Belmont Road – The Turntable

by Jack Richards

I have been in exhibition modelling for many years. I started with a huge project for a double track main line. It was a monster and nearly gave me a nervous breakdown. Its only redeeming feature was a derelict goods shed, which made to a photo published in the RM. However, it taught me one thing about exhibition modelling – KEEP IT SIMPLE!

My next effort was a modem image layout of Sandown on the Isle of Wight. Which, although tedious to operate was a great success on the circuit and being a very straight forward project, did not lead to my worst fears – at an exhibition – lying flat on the floor with under the baseboard with hot solder pouring on to your face!

I followed that with even more simplicity,a working diorama of Watchingwell, Isle of Wight. This was just a single line through countryside. Trains operating on a Gaugemaster shuttle unit. Again nothing really went wrong, but the layout was not a success on the exhibition circuit.

Belmont Road was sort of planned as an afterthought. I had at last began to conquer the black art of building kit locos. So the idea of an MPD seemed the best option.

I decided a turntable would be a good feature; it could act as a sector plate to save space and also, believe it or not turn engines.

Looking round the market it was hard to find a product that suited my needs. I could not accommodate more than a ten-inch circle and some the RTR versions seem very crude and unrealistic in appearance. I came across the SE Finecast model in their excellent catalogue and decided to give it a try. What a good company SE Finecast is! They were really helpful and were prepared to give after sales advice, without being made to feel a nuisance.

The ten-inch well version was ideal. The kit is really in basic form with a pre-cut hard plastic base on which you need to mount your own track. This is wired to a two wiper pick-ups that make contact on a centre boss in the well. These are excellent, have not failed once and are virtually self- cleaning. The table is balanced by two pairs of rollers at each end-running on a piece of finescale track. There is a choice of rollers,— go for the more expensive roller bearing version.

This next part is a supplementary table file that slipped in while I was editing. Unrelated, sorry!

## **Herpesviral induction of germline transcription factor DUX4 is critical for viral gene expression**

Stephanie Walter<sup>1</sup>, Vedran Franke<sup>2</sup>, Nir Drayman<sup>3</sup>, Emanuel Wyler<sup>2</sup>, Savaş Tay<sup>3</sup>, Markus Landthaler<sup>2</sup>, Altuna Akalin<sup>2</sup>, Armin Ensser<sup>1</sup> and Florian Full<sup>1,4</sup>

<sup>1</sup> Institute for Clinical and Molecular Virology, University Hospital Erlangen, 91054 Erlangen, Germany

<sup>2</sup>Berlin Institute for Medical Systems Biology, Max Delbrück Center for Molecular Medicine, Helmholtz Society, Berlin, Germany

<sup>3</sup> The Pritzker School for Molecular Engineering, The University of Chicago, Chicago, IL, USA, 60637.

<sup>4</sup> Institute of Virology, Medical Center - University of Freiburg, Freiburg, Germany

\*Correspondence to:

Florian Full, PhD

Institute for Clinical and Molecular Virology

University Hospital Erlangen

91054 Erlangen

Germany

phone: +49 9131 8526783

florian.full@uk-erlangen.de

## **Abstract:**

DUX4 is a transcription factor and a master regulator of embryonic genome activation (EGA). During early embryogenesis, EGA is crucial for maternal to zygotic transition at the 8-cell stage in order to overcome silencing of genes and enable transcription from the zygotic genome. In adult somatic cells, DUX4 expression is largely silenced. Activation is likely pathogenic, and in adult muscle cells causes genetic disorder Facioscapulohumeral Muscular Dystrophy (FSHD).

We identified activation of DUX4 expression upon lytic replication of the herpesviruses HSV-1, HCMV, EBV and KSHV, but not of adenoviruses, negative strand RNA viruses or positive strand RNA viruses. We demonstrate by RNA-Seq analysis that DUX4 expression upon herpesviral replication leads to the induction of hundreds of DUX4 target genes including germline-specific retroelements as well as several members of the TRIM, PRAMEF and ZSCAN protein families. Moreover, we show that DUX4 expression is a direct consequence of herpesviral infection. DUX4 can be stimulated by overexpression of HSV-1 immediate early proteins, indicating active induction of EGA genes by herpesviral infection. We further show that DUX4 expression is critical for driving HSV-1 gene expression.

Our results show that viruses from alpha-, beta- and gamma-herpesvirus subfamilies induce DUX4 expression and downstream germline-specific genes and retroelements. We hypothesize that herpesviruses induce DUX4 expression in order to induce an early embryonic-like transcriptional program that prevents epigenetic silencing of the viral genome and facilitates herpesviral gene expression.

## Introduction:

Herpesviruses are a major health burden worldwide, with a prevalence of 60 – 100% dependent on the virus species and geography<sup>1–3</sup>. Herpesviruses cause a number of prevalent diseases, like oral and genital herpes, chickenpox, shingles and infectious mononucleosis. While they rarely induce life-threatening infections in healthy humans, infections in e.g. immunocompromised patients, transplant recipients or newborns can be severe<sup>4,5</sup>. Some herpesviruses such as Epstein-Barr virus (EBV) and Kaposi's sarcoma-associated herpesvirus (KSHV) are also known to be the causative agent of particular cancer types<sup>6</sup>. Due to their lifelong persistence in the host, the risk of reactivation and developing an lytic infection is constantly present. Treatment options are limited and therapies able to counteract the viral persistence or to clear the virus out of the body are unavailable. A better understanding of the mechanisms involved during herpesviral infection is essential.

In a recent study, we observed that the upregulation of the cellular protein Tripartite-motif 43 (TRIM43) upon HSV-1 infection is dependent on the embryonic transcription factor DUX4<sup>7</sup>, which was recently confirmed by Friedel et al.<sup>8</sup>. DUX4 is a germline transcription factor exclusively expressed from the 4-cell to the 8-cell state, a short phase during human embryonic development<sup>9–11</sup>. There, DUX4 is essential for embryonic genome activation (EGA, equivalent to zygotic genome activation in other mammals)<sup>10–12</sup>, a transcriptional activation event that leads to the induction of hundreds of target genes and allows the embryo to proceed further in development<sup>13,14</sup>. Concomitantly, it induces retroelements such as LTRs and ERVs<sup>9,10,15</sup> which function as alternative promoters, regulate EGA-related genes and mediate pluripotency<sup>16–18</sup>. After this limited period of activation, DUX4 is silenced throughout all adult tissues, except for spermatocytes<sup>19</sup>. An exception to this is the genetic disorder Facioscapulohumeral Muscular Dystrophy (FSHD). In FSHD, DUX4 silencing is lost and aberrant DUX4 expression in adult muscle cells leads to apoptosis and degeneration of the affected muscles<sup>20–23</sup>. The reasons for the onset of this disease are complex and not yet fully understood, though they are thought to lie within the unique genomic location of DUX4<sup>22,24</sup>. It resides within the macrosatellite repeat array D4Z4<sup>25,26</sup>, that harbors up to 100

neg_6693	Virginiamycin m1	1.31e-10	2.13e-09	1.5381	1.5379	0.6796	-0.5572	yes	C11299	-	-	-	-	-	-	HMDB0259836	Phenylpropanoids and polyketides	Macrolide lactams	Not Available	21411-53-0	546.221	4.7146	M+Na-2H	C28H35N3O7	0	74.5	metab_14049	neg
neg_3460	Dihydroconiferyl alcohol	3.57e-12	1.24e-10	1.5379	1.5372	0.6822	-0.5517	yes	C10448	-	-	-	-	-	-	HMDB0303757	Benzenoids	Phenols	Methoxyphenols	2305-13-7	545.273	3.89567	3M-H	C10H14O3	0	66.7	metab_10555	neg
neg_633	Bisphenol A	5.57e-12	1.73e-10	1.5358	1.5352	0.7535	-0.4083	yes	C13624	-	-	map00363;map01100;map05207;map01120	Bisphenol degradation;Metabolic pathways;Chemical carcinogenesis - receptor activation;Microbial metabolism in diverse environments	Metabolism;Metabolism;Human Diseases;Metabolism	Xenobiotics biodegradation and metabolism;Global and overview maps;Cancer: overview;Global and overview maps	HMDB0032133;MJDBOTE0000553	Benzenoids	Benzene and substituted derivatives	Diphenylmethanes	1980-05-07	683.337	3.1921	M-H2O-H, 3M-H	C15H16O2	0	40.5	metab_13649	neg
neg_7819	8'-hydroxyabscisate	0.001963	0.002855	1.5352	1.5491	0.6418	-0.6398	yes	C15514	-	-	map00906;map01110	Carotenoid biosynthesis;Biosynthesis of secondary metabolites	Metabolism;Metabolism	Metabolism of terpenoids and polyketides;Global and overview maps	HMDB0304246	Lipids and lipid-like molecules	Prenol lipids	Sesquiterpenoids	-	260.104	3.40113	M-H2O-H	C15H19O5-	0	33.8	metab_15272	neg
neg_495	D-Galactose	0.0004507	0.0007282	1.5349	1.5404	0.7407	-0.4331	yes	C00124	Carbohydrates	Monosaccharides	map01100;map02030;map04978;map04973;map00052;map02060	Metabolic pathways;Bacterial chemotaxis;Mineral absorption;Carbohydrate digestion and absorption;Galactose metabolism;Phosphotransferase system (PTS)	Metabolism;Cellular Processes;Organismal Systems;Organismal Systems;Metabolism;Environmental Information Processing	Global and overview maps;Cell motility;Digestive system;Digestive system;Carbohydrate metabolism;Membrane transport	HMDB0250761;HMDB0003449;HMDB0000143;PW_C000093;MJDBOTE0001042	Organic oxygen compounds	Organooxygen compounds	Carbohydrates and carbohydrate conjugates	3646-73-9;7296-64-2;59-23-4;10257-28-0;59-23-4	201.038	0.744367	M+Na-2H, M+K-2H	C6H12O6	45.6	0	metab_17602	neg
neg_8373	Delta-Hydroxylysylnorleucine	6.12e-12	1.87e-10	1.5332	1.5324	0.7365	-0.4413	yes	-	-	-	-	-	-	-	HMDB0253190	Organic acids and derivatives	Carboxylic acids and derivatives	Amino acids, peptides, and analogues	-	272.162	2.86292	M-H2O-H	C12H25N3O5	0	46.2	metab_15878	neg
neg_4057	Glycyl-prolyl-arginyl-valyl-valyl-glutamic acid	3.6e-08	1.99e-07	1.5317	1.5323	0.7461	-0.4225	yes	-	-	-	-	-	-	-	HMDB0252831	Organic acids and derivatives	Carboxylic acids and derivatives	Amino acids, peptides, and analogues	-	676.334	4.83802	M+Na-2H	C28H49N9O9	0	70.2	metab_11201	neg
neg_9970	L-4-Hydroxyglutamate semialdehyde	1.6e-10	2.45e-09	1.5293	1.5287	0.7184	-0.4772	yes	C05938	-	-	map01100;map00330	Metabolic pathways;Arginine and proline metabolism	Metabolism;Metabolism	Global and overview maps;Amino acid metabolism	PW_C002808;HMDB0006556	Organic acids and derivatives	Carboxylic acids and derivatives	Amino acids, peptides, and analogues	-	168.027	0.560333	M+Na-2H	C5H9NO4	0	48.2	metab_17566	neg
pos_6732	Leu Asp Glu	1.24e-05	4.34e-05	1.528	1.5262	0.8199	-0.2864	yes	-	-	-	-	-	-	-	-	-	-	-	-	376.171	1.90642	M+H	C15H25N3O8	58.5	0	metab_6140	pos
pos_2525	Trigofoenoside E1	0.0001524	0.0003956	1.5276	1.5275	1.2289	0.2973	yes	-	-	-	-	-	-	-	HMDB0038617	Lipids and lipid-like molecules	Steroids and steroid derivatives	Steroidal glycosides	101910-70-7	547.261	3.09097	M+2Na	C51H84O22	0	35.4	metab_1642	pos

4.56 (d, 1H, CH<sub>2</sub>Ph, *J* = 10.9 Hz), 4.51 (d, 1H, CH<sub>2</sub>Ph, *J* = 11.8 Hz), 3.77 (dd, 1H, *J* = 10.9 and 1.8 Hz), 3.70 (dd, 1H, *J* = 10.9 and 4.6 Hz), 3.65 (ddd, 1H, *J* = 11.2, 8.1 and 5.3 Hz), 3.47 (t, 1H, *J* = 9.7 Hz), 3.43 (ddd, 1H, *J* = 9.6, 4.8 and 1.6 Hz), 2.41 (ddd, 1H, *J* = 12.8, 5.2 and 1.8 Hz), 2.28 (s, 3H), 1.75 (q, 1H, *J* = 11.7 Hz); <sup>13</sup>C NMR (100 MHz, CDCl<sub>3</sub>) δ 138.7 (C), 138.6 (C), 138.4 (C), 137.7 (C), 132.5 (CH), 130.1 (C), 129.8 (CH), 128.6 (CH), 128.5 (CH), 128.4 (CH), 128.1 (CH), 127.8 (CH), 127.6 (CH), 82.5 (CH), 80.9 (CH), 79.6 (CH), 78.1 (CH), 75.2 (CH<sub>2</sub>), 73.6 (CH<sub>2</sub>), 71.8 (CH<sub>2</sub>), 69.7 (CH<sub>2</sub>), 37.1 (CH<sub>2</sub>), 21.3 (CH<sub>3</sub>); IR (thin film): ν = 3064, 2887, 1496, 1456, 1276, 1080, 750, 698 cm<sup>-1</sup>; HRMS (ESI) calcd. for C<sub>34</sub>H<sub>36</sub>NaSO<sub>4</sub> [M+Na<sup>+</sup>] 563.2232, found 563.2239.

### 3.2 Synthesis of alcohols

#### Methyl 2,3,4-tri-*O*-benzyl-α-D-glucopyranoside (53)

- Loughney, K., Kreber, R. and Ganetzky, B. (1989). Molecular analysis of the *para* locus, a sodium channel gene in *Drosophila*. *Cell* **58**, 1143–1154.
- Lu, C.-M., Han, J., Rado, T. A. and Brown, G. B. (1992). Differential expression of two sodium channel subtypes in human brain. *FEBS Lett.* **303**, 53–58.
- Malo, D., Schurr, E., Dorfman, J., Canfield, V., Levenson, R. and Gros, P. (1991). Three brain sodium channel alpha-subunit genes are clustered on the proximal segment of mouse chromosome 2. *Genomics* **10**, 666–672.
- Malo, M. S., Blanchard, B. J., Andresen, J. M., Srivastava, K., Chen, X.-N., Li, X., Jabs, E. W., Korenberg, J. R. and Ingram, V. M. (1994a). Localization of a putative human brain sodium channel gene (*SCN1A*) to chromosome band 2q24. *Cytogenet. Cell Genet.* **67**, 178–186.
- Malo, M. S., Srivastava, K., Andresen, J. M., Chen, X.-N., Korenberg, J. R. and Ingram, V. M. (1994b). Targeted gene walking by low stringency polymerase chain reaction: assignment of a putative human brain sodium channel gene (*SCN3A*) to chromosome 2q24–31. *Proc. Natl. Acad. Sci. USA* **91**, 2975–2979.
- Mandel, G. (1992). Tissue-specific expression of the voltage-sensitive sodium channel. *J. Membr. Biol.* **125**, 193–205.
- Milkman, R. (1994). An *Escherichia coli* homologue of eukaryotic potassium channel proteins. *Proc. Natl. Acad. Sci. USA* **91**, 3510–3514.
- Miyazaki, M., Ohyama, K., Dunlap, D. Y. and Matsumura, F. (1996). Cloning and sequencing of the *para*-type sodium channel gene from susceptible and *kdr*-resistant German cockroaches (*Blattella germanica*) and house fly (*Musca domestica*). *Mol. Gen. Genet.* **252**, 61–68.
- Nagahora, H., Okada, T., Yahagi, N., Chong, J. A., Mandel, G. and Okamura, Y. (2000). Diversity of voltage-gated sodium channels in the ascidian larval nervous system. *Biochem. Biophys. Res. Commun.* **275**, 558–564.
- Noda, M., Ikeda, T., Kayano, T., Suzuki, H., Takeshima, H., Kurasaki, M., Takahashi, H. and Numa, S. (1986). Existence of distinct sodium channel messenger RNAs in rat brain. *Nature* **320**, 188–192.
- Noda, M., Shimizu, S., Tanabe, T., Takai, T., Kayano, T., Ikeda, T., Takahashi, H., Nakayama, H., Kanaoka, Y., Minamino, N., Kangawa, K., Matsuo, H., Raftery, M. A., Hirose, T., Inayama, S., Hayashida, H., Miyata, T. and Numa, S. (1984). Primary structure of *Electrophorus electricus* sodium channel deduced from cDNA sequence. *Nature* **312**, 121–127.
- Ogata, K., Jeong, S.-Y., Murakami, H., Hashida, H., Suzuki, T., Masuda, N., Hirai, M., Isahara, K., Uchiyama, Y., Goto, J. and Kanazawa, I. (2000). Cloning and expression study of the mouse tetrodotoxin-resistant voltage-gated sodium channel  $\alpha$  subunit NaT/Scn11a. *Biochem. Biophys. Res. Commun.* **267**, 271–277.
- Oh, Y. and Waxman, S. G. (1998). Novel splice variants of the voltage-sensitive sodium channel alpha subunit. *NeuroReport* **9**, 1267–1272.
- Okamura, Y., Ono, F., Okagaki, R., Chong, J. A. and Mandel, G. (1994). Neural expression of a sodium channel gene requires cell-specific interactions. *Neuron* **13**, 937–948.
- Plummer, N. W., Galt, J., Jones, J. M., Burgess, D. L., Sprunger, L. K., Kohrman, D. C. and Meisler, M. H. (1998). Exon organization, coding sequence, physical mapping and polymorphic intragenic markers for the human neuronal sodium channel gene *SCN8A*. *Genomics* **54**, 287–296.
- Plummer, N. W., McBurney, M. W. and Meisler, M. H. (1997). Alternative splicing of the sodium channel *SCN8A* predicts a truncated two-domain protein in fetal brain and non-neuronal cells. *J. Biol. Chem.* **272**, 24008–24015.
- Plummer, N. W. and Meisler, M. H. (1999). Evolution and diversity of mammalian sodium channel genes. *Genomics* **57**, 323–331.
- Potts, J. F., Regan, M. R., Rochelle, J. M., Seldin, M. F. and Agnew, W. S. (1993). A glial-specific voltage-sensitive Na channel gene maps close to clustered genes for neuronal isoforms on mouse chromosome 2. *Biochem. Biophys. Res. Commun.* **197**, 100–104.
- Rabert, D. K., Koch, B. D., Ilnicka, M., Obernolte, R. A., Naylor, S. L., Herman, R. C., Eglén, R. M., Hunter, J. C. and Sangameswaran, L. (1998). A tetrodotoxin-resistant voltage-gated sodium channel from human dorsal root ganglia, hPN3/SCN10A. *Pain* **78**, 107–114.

So a basis for a good well-engineered turntable this comes highly recommended. Fitting the track to the well was tricky and it was hard to get it a true circle. Mine works OK now but don’t look too closely. Thank goodness for weathering it really covers up a lot of botches. (Now you know why I do it!)

S E Finecast also supply Romford gears and pre-formed plastic sides. I have to say though, that neither worked for me. The sides are very flimsy and the little manual gearbox was just not up to the job. The torque required to move this lot was too much for it, in my opinion.

I decided to try something chunky, dependable and strong and above all SIMPLE. Not for me the fancy electronic drives with sensors, this is a “low tech.” operation. The turntable is a major feature on this layout, it must not go down at a show. So Meccano gears and hand turning. All it is, is a long length of brass tube (I would have preferred steel but could find anything suitable), secured through the baseboard battens with small Meccano wheels (See drawing). A big chunky worm drive on an equally chunky cog. Takes all kinds of battering and constant use.

I used for the sides, in the end, parts from the Dapol turntable kit inverted. The railings are small model boat stanchions and 0.7mm brass wire. I also slightly modified the hand turning control to make it look vaguely like an electric motor.

So there we have it no great work of electronic engineering and gismos but do we need all that?

But Since I wrote this, the turntable did go down at a show!

The linking brass rods went out of shape and the gearing would not line up properly. So under the board I had to go with just half an hour before opening. Fortunately I was able, with the help of my other operator, Clifford Reed, to make the thing work as a sector plate and we were able to half turn locos and this saved the day.

I have subsequently made some major repairs. A length of aluminum rod now connects to a short length of brass rod and joined by means of two small meccano wheels bolted flush on to each other (see drawing), and resembles a ship’s propeller shaft.

This is a very robust system and hopefully will last this time.

This article was first published in the Summer 2003 Double O Gauge Association Journal
All Material copyright the Double O Gauge Association 2004